This is how we are to understand Paul when he specifically uses the expression "Israel of God" in Galatians 6:16. "Peace and mercy to all who follow this rule-to the Israel of God." (Galatians 6:16). For Christian Zionists, Paul is referring to Jews, or at least Christian Jews, but this flies in the face of everything he has said in the first five chapters of this letter. In Galatians 1, Paul says we are saved by God's initiative ­ his grace and justified by faith alone in Jesus Christ. In chapters 2-3 Paul is emphatic we are not saved by our racial pedigree, by circumcision, by offering animal sacrifices or keeping the Law of Moses. In chapter 4, those who follow Jesus, as we shall see a little later, are likened to the free children of Sarah. Those seeking to be justified by the Law have been alienated from Jesus and are likened to the children of Hagar. Quoting Genesis 21, they will, he warns, "never share in the inheritance" (Galatians 4:30). In chapters 5-6, Paul speaks of our freedom in Christ and our new life in the Holy Spirit. He contrasts living by the Spirit with living by our sinful nature. In the closing verses of chapter 6, Paul summarises the argument of the whole letter.

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Those who want to impress others by means of the flesh are trying to compel you to be circumcised. The only reason they do this is to avoid being persecuted for the cross of Christ. Not even those who are circumcised keep the law, yet they want you to be circumcised that they may boast about your circumcision in the flesh. May I never boast except in the cross of our Lord Jesus Christ, through which the world has been crucified to me, and I to the world. Neither circumcision nor uncircumcision means anything; what counts is the new creation. Peace and mercy to all who follow this rule--to the Israel of God. From now on, let no one cause me trouble, for I bear on my body the marks of Jesus. The grace of our Lord Jesus Christ be with your spirit, brothers and sisters. Amen. (Galatians 6: 12-18) Do you see what Paul is saying? We have a choice ­ grace or law, faith or works? When Paul writes "Peace and mercy to all who follow this rule--to the Israel of God" (Galatians 6:16) he is obviously referring to the followers of Jesus who have repudiated the legalists who wanted to impose circumcision and keeping the Law. John Stott provides on of the best explanations of this verse: `All who walk by this rule' and `the Israel of God' are not two groups, but one. The connecting particle kai should be translated `even', not `and', or be omitted (as in RSV). The Christian church enjoys a direct continuity with God's people in the Old Testament. Those who are in Christ today are `the true circumcision' (Phil. 3:3), `Abraham's offspring' (Gal. 3:29) and `the Israel of God'. 19 And don't worry about the phrase `walk by this rule' either. The Greek word `rule' is kanon and simply describes a carpenter's or surveyor's plumb line. John Stott says, This is the `canon' of Scripture, the doctrine of the apostles, and especially in the context of Galatians 6 the cross of Christ and the new creation. Such is the rule by which the church must walk and continuously judge and reform itself. 20 In the closing sentences of this letter, Paul is drawing on an ancient prayer he would have prayed all his life on the Sabbath. Known as the additional 19th benediction to the 18 benedictions, and based on the Aaronic blessing of Numbers 6:24-26, God is asked in the final prayer for `Peace... and mercy on us and all Israel, your people.' Now Paul prays this blessing on the Jewish and Gentile believers in Jesus for they have become the `Israel of God'.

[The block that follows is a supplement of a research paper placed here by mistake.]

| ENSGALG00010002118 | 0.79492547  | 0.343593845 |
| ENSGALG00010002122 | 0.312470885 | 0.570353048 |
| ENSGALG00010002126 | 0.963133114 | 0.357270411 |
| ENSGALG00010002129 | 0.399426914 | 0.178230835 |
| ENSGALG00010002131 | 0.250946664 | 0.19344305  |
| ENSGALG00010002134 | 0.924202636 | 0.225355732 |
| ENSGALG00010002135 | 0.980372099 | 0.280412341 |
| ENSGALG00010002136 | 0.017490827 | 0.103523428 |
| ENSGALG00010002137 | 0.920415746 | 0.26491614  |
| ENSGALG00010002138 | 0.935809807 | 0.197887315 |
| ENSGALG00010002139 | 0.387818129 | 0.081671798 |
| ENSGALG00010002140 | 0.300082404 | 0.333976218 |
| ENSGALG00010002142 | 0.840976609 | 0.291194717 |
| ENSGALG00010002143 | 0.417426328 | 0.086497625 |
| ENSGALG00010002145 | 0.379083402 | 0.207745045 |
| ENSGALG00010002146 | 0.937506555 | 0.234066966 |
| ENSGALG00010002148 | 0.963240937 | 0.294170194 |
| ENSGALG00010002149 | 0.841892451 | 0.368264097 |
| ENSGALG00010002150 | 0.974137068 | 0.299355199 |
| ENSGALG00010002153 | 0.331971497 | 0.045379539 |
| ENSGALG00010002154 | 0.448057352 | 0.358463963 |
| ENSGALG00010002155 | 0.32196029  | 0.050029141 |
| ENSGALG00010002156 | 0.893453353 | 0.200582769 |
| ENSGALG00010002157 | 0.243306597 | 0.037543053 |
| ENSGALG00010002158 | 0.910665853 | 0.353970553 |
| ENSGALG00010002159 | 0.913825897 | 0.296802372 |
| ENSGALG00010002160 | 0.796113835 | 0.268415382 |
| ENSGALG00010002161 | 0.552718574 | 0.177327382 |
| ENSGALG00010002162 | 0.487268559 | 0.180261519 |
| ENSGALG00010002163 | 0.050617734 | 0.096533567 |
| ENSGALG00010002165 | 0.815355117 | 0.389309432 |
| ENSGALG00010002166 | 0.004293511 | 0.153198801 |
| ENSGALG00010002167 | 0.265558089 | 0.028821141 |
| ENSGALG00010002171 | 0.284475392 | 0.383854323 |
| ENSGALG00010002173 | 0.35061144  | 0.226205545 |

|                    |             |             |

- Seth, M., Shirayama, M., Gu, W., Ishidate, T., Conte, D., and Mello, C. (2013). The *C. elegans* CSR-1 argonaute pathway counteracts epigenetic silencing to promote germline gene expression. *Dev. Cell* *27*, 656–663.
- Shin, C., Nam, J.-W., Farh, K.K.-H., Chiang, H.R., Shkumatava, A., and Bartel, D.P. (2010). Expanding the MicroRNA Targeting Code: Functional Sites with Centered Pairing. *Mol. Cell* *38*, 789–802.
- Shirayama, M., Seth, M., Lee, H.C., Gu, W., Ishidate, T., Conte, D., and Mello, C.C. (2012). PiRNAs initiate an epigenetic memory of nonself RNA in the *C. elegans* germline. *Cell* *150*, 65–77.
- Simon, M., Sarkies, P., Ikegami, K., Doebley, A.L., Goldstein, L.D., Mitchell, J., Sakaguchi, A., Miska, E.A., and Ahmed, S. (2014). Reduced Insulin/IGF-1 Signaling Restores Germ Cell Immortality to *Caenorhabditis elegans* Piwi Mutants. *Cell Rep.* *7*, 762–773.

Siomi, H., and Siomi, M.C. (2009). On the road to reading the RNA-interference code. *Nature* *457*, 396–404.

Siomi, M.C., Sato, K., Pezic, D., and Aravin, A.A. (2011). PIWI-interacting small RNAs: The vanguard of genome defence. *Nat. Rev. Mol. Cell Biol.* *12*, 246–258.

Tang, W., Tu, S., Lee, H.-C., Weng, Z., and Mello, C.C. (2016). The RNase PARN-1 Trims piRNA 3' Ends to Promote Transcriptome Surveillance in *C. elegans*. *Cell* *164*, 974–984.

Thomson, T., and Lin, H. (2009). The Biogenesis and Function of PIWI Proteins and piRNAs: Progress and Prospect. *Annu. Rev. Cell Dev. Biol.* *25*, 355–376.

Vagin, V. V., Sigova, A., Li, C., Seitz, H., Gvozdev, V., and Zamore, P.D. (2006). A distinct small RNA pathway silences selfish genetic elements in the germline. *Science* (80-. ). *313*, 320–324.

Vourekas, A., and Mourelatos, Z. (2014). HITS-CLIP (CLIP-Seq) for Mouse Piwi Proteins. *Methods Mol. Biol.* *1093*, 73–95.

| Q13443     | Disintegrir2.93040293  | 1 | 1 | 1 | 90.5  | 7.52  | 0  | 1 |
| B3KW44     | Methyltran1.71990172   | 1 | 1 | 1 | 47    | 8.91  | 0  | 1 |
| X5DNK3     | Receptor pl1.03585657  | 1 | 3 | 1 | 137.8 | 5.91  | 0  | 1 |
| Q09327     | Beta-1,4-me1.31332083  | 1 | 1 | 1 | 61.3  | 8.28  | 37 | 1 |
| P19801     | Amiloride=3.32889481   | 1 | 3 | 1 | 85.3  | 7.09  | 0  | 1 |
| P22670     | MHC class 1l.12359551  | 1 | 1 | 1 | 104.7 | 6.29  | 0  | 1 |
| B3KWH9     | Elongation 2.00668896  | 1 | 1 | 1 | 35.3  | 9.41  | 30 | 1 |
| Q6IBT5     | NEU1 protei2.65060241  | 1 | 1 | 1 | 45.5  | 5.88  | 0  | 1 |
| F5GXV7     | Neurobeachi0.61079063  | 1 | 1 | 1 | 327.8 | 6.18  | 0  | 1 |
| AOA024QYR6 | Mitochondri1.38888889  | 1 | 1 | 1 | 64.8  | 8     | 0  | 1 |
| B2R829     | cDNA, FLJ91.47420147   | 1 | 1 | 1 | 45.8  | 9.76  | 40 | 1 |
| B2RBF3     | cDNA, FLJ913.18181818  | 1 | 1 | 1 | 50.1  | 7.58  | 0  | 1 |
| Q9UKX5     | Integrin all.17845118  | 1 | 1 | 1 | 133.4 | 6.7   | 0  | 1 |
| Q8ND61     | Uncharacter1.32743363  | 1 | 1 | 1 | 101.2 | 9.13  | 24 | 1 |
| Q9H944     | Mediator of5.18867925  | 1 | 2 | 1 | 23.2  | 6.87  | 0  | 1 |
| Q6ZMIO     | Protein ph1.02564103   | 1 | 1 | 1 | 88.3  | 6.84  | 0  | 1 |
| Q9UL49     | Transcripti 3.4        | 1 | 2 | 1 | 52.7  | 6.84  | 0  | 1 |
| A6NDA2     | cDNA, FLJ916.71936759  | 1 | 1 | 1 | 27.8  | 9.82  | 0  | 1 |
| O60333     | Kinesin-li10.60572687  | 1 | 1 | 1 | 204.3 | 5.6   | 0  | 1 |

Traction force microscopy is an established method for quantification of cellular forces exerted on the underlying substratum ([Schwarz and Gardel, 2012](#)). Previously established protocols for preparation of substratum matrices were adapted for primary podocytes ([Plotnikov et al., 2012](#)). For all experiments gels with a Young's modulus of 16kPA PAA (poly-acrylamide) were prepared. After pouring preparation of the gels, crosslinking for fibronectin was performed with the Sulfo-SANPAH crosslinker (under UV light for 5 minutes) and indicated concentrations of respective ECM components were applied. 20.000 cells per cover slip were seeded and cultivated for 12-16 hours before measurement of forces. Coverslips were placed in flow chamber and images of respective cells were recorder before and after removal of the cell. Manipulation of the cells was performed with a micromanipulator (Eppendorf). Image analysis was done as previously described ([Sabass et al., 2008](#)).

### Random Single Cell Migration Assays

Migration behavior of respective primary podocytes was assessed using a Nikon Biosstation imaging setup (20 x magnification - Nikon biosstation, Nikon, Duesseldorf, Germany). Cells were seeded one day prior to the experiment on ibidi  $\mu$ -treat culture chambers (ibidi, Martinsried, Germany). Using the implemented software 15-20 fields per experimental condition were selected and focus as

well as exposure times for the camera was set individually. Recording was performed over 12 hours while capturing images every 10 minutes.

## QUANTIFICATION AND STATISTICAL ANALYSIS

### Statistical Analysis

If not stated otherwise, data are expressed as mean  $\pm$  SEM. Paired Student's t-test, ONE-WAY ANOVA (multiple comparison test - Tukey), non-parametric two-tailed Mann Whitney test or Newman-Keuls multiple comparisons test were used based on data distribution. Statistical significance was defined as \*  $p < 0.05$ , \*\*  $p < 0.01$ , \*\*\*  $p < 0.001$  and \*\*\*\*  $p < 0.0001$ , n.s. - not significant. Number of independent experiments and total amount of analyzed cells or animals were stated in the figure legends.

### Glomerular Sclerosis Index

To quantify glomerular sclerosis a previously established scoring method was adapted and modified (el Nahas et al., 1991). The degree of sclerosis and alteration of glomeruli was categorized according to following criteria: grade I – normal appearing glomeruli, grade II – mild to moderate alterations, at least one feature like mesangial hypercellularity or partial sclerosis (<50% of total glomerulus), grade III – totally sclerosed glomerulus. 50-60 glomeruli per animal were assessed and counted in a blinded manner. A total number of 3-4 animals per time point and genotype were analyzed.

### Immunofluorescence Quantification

As we have already seen from John 5:39, Jesus rebuked the Pharisees because they refused to acknowledge how the Hebrew Scriptures referred to him. Let us

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John Stott, Only one way: The Message of Galatians (Leicester, IVP, 1968), p. 180. Ibid., p. 181.